How to Handle a Broken Stalk on a Bird of Paradise?
Reasons your stems may break
If soil is left soggy for an extended period of time, a fungal infection may occur as a result. The stem of your Bird of paradise will begin to rot.
Aside from providing the perfect environment for bacteria to breed, stems may also sit in water surrounding the plants’ base, which can cause them to become engorged and water soaked.
When this happens, the stem becomes mushy and may break, rendering it unable to support the plant.
The Bird of paradise needs a great deal of sunlight in order to be happy. Failing to provide your plant with enough light will result in weak, soft stems. The plant will be unable to produce enough energy to support itself.
Lack of water
Water is no doubt essential to your plant’s overall health. Not only does water help your plant produce the energy it needs to grow, but it also helps make a stem turgid—a fancy way of saying stiff and strong.
A lack of water will result in a lack of turgidity, which may result in the stems of your Bird of paradise bending under their own weight.
To avoid this, maintain a fairly consistent watering schedule. Be careful to avoid overwatering, as this can also be harmful to your plant.
When moving your Bird of paradise, you’ll want to do so with care. Despite its intimidating size, it’s quite fragile.
Just as it hates any sort of breeze, it too doesn’t tolerate being brushed up against well either, and doing so can result in damaged stems that eventually buckle and break.
If you have recently changed the location of the plant, it will experience a change in the environment. This almost always causes a plant to experience stress on some level while it adapts to its new surroundings.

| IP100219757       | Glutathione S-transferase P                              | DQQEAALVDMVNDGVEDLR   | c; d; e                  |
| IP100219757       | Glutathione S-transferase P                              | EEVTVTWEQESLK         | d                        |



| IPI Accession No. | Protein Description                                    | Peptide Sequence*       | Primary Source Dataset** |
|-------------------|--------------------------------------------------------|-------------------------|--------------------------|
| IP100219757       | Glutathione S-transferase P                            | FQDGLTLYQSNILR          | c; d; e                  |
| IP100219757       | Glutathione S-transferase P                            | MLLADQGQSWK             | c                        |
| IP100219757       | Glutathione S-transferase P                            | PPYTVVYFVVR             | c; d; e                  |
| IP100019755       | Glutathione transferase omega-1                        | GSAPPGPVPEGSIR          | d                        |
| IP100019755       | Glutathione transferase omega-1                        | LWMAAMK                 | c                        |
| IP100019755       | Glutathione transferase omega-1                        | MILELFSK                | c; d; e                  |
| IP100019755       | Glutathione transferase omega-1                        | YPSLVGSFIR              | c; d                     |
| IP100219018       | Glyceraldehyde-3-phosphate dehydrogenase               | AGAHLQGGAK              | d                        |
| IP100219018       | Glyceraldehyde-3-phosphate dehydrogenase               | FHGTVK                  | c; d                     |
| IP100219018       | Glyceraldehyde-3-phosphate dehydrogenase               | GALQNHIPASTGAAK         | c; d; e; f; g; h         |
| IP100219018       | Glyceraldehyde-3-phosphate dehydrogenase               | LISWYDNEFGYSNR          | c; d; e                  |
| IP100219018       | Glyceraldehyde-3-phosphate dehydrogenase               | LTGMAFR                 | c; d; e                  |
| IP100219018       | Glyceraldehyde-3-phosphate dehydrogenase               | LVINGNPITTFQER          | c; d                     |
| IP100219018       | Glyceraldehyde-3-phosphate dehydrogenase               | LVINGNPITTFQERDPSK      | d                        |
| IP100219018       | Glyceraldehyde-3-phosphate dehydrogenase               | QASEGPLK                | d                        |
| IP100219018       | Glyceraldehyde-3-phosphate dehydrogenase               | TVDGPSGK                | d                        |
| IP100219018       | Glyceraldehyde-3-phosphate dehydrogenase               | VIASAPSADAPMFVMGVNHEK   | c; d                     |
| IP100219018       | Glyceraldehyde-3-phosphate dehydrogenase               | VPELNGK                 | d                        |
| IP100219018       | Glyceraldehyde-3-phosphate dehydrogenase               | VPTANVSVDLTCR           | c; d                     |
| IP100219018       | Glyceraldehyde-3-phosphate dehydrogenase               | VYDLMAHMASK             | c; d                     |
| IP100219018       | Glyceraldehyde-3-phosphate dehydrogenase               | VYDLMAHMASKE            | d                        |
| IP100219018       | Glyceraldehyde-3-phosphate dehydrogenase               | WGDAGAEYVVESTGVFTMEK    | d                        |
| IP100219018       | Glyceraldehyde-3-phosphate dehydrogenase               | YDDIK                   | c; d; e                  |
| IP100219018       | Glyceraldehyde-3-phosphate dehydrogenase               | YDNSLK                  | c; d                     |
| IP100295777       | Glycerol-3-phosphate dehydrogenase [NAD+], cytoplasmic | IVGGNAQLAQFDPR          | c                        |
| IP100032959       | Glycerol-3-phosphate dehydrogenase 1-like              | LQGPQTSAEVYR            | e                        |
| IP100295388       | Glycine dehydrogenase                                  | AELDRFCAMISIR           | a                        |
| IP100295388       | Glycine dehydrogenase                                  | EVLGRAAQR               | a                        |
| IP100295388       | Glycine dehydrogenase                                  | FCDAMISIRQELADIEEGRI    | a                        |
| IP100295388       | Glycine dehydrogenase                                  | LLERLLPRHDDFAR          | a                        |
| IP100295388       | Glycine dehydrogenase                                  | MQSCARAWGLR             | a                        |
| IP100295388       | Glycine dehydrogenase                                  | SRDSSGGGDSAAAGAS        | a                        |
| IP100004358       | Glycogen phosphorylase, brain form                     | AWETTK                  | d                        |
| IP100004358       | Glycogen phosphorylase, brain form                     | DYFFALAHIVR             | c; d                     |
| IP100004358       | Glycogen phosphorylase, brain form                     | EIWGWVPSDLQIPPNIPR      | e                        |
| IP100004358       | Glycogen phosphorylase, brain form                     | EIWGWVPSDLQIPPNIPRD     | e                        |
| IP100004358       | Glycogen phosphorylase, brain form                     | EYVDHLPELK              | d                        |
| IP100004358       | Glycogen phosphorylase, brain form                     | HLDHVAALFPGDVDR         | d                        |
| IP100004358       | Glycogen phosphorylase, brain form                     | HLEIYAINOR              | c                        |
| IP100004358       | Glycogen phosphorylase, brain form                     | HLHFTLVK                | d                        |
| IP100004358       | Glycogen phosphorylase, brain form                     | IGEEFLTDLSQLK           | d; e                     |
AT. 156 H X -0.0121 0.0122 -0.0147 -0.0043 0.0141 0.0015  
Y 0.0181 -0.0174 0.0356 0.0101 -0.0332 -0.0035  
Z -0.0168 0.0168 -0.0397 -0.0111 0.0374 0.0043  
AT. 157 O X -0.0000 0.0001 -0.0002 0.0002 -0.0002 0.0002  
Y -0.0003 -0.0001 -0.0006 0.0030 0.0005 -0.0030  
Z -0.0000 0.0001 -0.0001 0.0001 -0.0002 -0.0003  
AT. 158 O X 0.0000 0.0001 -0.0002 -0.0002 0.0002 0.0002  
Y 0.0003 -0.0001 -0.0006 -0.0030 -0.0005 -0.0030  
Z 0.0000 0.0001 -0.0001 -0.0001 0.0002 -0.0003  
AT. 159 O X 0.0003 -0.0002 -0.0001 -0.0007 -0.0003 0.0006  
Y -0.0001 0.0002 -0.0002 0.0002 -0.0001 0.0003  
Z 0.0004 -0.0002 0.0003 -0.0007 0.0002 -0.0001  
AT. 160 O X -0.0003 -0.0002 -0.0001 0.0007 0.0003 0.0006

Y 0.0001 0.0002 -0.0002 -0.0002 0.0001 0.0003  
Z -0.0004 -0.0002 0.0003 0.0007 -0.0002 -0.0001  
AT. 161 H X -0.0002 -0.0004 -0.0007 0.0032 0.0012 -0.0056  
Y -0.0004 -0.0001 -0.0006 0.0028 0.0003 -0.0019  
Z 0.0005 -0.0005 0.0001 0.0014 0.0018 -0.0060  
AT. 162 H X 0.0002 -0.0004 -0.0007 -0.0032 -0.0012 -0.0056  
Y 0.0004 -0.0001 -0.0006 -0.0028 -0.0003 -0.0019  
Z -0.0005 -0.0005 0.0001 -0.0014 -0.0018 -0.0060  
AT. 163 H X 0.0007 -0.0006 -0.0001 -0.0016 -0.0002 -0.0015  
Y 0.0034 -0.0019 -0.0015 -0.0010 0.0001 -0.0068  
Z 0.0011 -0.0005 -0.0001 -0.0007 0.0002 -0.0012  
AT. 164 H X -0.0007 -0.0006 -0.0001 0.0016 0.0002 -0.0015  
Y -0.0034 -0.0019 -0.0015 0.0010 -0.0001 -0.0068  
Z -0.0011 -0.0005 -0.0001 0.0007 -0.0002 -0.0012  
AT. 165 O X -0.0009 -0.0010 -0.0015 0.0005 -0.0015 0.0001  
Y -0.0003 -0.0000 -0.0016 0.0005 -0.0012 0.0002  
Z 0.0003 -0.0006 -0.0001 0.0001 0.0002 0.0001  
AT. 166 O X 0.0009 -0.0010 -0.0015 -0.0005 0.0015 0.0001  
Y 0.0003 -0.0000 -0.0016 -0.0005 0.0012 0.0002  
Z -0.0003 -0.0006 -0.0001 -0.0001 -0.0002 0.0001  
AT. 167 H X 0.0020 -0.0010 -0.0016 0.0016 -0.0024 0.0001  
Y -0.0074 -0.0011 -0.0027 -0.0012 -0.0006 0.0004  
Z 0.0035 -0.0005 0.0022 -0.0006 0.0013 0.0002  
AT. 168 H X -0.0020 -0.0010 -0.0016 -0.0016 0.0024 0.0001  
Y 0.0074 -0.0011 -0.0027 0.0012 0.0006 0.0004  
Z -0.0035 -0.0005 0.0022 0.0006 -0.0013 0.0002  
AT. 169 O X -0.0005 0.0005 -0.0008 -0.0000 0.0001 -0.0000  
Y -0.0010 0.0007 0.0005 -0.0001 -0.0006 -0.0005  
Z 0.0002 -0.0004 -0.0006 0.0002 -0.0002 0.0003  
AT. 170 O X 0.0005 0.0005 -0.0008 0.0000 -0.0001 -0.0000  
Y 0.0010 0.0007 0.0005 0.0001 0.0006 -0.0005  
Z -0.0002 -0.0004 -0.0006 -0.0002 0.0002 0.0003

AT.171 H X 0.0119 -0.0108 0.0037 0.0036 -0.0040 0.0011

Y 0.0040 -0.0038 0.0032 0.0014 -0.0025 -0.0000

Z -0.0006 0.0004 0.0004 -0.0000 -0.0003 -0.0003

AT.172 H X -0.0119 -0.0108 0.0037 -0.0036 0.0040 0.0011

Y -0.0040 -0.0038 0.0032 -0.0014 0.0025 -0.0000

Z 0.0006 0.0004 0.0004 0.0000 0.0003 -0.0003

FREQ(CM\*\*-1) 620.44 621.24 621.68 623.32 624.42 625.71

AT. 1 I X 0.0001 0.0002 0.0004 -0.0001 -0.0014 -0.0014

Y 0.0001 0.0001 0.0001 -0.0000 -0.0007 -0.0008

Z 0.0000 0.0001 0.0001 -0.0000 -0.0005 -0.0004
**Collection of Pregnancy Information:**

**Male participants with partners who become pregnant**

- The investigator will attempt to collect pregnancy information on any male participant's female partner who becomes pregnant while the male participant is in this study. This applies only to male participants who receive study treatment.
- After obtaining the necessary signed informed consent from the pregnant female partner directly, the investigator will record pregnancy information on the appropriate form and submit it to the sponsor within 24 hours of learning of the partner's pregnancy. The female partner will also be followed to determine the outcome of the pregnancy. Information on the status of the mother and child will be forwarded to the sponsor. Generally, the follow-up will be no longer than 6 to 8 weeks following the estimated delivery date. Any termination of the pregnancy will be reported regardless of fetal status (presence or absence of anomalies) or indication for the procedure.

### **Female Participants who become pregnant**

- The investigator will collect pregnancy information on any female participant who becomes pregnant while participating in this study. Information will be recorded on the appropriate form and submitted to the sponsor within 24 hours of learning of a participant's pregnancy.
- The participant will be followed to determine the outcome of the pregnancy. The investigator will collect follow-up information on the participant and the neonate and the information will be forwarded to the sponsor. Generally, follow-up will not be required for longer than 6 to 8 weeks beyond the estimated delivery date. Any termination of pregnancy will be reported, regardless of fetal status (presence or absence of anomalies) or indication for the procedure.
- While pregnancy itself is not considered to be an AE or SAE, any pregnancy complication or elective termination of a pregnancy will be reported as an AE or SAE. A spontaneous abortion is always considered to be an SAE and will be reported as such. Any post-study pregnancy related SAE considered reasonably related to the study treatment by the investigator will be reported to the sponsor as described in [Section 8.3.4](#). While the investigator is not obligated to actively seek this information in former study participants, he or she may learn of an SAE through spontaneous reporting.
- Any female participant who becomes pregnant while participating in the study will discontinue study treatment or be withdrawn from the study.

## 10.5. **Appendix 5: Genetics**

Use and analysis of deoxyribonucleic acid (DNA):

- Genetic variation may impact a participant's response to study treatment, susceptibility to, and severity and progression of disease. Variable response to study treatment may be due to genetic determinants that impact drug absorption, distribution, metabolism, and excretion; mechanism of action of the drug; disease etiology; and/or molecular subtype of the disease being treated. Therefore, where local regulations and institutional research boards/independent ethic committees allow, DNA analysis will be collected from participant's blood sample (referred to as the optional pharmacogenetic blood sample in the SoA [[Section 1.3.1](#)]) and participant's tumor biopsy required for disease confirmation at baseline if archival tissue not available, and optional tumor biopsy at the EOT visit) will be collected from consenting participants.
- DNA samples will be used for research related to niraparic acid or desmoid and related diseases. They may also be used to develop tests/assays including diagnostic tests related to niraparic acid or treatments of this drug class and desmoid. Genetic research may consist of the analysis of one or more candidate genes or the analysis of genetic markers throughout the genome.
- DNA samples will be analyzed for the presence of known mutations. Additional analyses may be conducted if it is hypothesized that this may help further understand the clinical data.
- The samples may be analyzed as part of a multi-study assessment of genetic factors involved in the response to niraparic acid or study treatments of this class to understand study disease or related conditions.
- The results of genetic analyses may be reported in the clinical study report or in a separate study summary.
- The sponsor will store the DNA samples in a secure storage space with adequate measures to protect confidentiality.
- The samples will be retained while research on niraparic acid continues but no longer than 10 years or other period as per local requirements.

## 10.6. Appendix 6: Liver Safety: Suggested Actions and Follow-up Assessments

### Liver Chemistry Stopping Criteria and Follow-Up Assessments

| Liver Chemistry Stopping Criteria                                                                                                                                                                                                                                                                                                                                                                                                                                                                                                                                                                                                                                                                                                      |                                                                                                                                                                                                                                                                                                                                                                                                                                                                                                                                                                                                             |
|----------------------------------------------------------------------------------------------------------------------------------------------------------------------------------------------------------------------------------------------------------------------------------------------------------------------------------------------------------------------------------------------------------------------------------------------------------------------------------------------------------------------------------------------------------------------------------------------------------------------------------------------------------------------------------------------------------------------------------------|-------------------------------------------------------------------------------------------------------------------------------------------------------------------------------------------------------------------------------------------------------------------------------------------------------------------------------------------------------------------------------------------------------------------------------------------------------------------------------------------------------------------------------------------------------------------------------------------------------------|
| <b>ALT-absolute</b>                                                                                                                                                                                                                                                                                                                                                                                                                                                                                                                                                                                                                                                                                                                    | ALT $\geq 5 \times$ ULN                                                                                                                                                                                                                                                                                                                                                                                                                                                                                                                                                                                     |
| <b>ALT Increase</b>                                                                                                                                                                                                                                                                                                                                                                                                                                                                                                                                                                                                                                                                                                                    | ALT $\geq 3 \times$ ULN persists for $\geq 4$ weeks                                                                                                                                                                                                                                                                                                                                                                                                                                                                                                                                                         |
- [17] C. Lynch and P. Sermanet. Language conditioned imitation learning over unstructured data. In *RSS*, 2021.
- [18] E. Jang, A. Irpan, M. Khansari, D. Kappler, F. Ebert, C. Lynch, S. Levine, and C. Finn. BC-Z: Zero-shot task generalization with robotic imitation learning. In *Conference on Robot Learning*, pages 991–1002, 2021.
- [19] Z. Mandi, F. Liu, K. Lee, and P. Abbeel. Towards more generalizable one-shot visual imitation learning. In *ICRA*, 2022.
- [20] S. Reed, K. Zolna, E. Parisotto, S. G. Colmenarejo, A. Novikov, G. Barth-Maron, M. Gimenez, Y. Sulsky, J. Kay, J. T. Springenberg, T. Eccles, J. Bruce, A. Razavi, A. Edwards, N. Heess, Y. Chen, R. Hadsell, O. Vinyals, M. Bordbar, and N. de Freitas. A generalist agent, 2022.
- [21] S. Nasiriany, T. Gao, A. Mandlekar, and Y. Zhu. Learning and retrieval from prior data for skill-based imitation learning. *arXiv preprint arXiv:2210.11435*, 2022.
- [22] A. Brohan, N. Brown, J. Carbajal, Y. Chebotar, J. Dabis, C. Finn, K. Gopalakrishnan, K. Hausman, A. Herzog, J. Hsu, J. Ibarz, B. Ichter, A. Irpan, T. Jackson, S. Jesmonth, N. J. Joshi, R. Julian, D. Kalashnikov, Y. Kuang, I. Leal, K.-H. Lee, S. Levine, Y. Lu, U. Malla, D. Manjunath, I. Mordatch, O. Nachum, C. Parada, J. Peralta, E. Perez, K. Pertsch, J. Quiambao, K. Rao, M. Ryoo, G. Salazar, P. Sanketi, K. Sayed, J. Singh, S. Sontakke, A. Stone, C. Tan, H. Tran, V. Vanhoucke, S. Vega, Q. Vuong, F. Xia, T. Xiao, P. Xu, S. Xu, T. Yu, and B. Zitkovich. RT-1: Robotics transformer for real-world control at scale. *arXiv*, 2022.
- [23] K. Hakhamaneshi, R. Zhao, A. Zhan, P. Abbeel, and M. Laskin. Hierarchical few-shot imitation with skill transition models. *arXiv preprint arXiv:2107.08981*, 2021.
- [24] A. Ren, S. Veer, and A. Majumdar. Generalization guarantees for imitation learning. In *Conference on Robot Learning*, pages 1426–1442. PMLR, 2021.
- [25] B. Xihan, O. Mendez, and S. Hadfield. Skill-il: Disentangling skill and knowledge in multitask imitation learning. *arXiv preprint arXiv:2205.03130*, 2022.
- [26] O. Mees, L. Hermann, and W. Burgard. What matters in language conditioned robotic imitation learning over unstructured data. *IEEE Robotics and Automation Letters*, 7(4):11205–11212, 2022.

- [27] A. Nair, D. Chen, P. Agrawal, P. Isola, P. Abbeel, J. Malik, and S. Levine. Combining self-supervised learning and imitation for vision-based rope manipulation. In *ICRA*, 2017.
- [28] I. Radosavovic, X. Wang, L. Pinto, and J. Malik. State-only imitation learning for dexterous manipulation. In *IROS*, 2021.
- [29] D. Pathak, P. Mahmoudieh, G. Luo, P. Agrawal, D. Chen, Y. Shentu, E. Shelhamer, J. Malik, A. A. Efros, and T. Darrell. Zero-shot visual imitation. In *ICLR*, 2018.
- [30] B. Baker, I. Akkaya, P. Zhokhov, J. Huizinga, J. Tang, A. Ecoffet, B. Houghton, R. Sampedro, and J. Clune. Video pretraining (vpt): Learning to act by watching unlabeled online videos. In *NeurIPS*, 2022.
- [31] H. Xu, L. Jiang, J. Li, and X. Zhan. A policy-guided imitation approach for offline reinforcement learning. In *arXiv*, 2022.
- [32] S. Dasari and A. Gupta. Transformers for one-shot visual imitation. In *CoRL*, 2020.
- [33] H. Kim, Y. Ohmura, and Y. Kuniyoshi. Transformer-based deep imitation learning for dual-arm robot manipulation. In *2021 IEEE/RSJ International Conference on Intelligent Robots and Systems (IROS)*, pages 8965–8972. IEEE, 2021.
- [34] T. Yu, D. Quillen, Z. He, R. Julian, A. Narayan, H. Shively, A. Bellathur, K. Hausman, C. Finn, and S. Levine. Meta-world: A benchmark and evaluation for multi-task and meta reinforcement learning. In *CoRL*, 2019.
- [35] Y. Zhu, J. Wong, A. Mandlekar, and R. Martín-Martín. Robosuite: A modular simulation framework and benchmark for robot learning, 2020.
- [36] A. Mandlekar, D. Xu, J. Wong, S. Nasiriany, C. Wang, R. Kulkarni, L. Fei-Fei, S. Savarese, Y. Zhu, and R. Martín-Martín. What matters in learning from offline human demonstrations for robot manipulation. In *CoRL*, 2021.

Extra care should be taken when moving your plant as the shock may result in the stems of your Bird of paradise either bending or breaking.
Lack of nutrition
Your Bird of paradise requires certain nutrients in order to help it grow and stay healthy.
Both nitrogen and potassium are important and help support the plant. If your plant receives no nutrients, it will become weaker over time, making it more vulnerable to breaking or snapping.
Adding nutrients is especially important if your plant is grown indoors. This is because, outdoors, the soil is exposed to rainwater, decomposing leaves, and bugs. This all helps make the soil richer for the plant. When grown indoors, however, we do not have this luxury and must artificially add fertilizer.
Excess nitrogen in the soil
If excess nitrogen is available, your plant may absorb more than is necessary. This can result in rapid growth—too fast for the plant to handle. The result is a weak, thin, and elongated stem that is at risk of easily breaking.
How to fix a broken stem
- When thinking about how to fix your broken stem, you will need to evaluate your individual situation. If the stem appears mushy or has further damage, it may be best to take this opportunity to prune your plant back.
- If you want to salvage the stem, however, you can attempt to tape it in order to help it recover. This will only be possible if the stem is still attached to the plant.
- Using a stake, place it next to the break. With tape, gently wrap the tape around both the stake and the plant’s stem. Overlap the tape on both sides of the bend to ensure it’s well supported.
Avoid wrapping the tape too tightly, as this will cause more stress to the plant.
Allow a minimum of 2 weeks to pass before checking on the stem. When removing the tape, do so very gently and slowly so as to not re-injure the plant.
Allow for up to 4 weeks for healing. If after 4 weeks the stem is still alive but not fully healed, re-wrap the stem using clean tape.